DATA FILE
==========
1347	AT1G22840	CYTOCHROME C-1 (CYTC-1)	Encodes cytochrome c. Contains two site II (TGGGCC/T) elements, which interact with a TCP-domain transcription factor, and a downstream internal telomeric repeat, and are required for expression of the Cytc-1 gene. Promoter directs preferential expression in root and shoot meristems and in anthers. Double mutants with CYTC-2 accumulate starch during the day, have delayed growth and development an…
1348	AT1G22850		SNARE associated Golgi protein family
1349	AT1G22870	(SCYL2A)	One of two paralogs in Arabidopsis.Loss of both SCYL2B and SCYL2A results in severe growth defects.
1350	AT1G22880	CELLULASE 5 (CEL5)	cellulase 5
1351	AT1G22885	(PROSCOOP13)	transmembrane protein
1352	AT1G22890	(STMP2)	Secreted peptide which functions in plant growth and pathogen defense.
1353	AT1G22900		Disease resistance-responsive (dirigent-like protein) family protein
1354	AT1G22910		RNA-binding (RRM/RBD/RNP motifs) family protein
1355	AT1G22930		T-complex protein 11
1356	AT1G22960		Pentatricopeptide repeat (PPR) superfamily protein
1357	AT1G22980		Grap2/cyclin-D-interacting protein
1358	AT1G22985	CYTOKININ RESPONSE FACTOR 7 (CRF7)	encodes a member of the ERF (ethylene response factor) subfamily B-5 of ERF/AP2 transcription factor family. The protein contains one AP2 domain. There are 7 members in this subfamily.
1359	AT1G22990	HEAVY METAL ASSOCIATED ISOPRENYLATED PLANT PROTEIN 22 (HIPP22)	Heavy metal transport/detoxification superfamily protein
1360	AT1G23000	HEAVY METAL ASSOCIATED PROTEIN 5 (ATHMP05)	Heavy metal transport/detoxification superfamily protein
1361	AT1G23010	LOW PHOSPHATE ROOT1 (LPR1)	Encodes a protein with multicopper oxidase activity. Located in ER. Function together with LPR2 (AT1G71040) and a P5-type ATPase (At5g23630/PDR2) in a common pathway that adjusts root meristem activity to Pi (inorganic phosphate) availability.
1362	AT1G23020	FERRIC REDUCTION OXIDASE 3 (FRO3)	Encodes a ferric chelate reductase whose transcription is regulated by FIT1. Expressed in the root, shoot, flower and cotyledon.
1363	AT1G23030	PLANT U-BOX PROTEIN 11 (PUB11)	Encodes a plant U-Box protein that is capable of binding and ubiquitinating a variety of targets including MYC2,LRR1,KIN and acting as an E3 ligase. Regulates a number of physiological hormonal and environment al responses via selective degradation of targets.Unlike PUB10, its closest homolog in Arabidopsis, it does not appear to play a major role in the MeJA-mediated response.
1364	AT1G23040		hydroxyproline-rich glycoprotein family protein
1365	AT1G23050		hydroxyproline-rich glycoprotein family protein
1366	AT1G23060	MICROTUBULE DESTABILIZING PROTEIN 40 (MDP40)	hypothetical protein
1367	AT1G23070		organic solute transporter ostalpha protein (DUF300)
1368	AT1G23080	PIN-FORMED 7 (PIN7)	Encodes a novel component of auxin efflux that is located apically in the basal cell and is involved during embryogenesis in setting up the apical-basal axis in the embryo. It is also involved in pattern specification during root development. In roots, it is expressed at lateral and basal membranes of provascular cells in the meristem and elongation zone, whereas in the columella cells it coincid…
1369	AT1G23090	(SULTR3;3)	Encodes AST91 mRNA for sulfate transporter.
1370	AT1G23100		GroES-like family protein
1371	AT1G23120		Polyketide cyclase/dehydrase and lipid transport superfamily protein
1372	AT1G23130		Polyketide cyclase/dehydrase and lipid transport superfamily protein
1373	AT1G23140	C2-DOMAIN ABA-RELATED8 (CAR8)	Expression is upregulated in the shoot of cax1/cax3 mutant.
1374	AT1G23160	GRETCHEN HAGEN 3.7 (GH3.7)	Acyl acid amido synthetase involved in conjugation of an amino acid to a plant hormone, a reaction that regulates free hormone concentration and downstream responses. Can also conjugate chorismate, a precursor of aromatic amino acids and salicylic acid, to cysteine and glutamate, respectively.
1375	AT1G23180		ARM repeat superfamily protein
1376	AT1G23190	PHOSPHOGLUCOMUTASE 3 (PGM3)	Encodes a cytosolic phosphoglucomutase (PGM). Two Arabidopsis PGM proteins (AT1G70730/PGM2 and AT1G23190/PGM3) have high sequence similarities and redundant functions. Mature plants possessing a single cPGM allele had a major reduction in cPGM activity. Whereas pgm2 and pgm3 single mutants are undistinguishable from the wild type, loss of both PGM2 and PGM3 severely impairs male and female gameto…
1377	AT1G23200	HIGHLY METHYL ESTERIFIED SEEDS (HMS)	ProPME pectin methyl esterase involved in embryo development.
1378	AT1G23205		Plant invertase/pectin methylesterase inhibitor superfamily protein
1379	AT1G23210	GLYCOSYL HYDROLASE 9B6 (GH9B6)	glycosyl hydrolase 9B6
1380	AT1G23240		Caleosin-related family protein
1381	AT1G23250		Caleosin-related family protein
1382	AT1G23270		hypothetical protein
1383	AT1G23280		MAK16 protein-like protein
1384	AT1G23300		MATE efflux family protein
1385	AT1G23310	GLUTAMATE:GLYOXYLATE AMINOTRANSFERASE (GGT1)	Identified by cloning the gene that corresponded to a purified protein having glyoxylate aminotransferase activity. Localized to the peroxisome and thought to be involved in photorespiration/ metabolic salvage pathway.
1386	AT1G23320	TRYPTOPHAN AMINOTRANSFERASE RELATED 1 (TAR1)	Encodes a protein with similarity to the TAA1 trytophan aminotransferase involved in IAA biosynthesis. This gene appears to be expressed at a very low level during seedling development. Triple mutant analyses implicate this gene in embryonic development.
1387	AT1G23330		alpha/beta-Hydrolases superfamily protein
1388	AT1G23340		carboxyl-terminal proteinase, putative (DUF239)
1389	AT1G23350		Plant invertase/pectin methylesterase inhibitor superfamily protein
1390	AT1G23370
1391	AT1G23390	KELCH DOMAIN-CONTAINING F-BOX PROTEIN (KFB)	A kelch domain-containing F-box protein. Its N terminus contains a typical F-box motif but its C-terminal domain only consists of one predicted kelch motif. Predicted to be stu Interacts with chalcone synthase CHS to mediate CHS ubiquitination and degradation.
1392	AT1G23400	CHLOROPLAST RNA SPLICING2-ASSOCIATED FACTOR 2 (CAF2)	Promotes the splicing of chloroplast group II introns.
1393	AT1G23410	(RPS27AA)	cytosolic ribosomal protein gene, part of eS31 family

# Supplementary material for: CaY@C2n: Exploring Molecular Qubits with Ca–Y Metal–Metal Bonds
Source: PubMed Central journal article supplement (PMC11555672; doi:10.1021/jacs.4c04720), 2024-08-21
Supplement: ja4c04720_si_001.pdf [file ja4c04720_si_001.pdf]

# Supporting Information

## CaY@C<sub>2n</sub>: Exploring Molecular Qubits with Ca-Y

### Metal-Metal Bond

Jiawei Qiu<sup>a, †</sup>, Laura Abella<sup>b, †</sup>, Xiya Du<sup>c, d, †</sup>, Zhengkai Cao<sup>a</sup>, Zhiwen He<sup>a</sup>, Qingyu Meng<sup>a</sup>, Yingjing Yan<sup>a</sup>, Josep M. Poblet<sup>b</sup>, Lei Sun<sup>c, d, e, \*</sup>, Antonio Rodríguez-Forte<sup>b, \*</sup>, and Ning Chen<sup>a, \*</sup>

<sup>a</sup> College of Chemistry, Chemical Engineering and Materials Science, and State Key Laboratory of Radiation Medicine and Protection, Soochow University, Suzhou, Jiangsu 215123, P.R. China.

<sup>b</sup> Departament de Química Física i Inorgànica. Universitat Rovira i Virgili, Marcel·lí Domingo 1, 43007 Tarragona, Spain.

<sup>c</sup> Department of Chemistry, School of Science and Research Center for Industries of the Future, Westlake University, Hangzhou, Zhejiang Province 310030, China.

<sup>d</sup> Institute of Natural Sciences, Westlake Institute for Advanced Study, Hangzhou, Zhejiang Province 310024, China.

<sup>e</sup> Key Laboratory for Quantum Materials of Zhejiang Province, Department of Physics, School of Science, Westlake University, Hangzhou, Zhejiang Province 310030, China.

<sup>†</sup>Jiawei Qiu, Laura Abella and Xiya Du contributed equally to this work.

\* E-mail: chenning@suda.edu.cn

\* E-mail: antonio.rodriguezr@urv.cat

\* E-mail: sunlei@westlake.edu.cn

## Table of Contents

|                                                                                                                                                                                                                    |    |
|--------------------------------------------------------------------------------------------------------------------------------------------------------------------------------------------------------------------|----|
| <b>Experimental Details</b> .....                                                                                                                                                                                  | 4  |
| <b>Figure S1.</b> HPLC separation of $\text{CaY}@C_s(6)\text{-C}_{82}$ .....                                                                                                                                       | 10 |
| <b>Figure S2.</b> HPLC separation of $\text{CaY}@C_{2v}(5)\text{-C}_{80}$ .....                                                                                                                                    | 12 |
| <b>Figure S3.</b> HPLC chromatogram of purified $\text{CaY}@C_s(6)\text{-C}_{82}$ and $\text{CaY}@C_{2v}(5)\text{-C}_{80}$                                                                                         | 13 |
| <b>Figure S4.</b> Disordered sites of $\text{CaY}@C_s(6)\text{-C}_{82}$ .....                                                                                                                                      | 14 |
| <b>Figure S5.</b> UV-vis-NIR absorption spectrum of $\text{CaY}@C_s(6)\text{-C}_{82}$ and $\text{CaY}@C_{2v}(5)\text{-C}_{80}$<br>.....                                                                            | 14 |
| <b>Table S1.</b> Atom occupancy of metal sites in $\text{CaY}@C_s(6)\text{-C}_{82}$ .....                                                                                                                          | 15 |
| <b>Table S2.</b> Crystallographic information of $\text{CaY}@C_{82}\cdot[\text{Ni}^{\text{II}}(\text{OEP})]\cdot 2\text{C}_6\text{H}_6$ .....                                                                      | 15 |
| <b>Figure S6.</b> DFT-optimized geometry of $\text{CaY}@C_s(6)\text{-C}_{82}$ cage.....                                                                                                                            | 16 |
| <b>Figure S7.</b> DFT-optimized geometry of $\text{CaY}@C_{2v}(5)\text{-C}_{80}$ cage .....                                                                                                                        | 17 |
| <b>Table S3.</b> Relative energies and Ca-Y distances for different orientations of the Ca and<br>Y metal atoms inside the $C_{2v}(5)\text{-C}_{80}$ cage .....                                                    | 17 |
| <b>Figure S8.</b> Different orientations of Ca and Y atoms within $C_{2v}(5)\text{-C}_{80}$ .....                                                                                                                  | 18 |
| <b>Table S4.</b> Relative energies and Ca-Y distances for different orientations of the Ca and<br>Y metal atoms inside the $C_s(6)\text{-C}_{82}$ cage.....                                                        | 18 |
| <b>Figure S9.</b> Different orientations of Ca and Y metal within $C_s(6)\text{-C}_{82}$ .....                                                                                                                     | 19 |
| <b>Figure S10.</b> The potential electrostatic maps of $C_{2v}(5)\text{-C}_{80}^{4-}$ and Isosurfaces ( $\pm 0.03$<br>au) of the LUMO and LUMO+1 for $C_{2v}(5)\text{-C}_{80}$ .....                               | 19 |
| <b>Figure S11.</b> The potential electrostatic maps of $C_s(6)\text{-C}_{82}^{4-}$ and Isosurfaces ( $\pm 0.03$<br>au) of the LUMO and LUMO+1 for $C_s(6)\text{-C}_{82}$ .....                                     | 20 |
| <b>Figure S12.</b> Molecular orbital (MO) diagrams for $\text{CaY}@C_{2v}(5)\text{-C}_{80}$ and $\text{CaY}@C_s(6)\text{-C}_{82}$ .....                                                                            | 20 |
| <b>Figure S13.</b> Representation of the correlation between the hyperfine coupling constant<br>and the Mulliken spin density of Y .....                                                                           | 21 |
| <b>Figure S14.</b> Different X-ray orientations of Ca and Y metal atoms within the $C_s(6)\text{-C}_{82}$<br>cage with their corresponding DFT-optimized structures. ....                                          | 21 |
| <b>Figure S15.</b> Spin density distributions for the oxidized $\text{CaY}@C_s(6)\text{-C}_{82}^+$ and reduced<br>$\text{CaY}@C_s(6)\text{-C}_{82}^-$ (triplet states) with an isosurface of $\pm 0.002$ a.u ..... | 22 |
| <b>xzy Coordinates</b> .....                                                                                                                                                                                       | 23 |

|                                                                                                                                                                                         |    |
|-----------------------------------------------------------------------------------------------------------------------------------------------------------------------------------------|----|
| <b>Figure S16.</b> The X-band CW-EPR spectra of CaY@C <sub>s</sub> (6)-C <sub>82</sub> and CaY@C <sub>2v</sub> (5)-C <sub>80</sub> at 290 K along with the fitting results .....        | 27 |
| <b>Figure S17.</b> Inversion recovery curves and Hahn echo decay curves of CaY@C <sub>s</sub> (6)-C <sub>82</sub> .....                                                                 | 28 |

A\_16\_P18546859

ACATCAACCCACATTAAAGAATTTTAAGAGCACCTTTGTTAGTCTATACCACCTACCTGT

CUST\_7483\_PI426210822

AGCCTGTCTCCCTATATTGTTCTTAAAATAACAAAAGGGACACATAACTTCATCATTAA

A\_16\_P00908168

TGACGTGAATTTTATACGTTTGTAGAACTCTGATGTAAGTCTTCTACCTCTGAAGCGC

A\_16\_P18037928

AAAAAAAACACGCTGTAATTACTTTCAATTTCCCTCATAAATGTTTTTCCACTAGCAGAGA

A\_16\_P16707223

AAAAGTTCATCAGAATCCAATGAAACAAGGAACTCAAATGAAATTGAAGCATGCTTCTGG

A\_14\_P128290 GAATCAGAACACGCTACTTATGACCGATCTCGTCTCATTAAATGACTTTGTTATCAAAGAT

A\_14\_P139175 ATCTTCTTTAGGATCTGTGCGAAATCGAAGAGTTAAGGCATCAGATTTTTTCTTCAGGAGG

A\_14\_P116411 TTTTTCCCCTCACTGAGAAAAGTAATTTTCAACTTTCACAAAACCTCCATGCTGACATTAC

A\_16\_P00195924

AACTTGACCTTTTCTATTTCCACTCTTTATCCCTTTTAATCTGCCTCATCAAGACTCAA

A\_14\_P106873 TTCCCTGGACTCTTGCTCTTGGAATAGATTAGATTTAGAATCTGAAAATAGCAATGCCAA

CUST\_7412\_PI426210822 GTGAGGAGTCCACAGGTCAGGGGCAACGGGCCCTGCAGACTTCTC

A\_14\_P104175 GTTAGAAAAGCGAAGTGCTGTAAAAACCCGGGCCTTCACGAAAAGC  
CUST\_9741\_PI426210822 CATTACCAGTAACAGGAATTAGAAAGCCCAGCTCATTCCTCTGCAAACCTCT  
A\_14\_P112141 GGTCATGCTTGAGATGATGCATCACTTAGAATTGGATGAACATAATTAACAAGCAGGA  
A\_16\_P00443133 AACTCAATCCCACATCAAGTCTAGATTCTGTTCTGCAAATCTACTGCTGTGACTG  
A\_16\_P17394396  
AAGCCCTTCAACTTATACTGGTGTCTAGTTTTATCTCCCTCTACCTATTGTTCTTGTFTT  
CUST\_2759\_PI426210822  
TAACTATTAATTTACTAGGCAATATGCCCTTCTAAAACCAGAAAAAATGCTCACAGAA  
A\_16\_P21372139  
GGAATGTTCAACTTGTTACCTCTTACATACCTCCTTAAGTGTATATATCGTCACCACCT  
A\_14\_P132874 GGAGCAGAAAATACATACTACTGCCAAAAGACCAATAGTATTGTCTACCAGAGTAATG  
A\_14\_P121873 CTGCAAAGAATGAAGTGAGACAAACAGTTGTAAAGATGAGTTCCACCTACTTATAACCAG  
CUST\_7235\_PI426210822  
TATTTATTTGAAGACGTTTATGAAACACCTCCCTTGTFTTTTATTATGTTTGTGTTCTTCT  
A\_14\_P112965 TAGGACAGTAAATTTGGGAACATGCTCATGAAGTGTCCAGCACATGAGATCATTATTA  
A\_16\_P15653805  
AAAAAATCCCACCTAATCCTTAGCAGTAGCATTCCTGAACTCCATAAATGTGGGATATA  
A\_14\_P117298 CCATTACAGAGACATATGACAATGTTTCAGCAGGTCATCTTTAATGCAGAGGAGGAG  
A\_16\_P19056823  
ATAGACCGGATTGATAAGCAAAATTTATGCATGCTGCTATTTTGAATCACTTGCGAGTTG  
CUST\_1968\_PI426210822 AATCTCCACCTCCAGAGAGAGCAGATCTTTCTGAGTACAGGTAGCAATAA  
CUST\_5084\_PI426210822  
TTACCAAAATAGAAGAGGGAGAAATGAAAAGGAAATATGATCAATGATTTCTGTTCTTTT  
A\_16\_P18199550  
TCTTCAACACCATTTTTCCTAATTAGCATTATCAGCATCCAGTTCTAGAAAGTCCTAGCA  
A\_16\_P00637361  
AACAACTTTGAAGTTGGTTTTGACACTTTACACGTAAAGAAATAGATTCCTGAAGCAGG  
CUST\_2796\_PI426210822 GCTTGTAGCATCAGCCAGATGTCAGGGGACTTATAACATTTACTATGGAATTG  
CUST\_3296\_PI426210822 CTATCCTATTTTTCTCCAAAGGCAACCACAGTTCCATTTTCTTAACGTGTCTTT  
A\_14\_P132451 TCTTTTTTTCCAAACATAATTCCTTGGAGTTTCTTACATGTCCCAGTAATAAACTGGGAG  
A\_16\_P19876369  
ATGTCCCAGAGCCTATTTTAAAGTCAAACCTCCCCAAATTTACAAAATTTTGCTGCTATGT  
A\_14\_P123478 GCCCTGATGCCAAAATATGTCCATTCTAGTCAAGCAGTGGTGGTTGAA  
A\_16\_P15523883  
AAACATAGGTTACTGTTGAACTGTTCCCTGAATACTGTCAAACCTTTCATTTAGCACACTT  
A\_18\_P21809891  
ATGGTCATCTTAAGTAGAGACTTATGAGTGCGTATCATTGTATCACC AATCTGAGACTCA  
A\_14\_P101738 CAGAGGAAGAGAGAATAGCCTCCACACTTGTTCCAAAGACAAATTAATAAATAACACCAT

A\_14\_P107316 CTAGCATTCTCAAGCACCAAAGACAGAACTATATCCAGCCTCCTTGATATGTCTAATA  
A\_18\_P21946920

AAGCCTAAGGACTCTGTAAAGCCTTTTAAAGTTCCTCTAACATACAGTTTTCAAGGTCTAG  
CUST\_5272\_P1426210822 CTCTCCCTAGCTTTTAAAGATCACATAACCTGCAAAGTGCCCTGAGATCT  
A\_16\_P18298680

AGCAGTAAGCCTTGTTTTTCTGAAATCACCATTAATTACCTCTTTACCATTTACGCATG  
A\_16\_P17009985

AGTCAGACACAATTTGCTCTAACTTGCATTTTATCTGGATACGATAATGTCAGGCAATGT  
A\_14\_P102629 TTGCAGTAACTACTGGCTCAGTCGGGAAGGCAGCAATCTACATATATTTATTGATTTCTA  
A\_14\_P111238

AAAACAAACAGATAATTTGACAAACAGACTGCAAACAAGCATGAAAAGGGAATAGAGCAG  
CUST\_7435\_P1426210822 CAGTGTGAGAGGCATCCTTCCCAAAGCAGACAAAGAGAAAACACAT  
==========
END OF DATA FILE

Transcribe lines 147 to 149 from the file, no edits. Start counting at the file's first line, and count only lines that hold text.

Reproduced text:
A\_14\_P107316 CTAGCATTCTCAAGCACCAAAGACAGAACTATATCCAGCCTCCTTGATATGTCTAATA  
A\_18\_P21946920

AAGCCTAAGGACTCTGTAAAGCCTTTTAAAGTTCCTCTAACATACAGTTTTCAAGGTCTAG  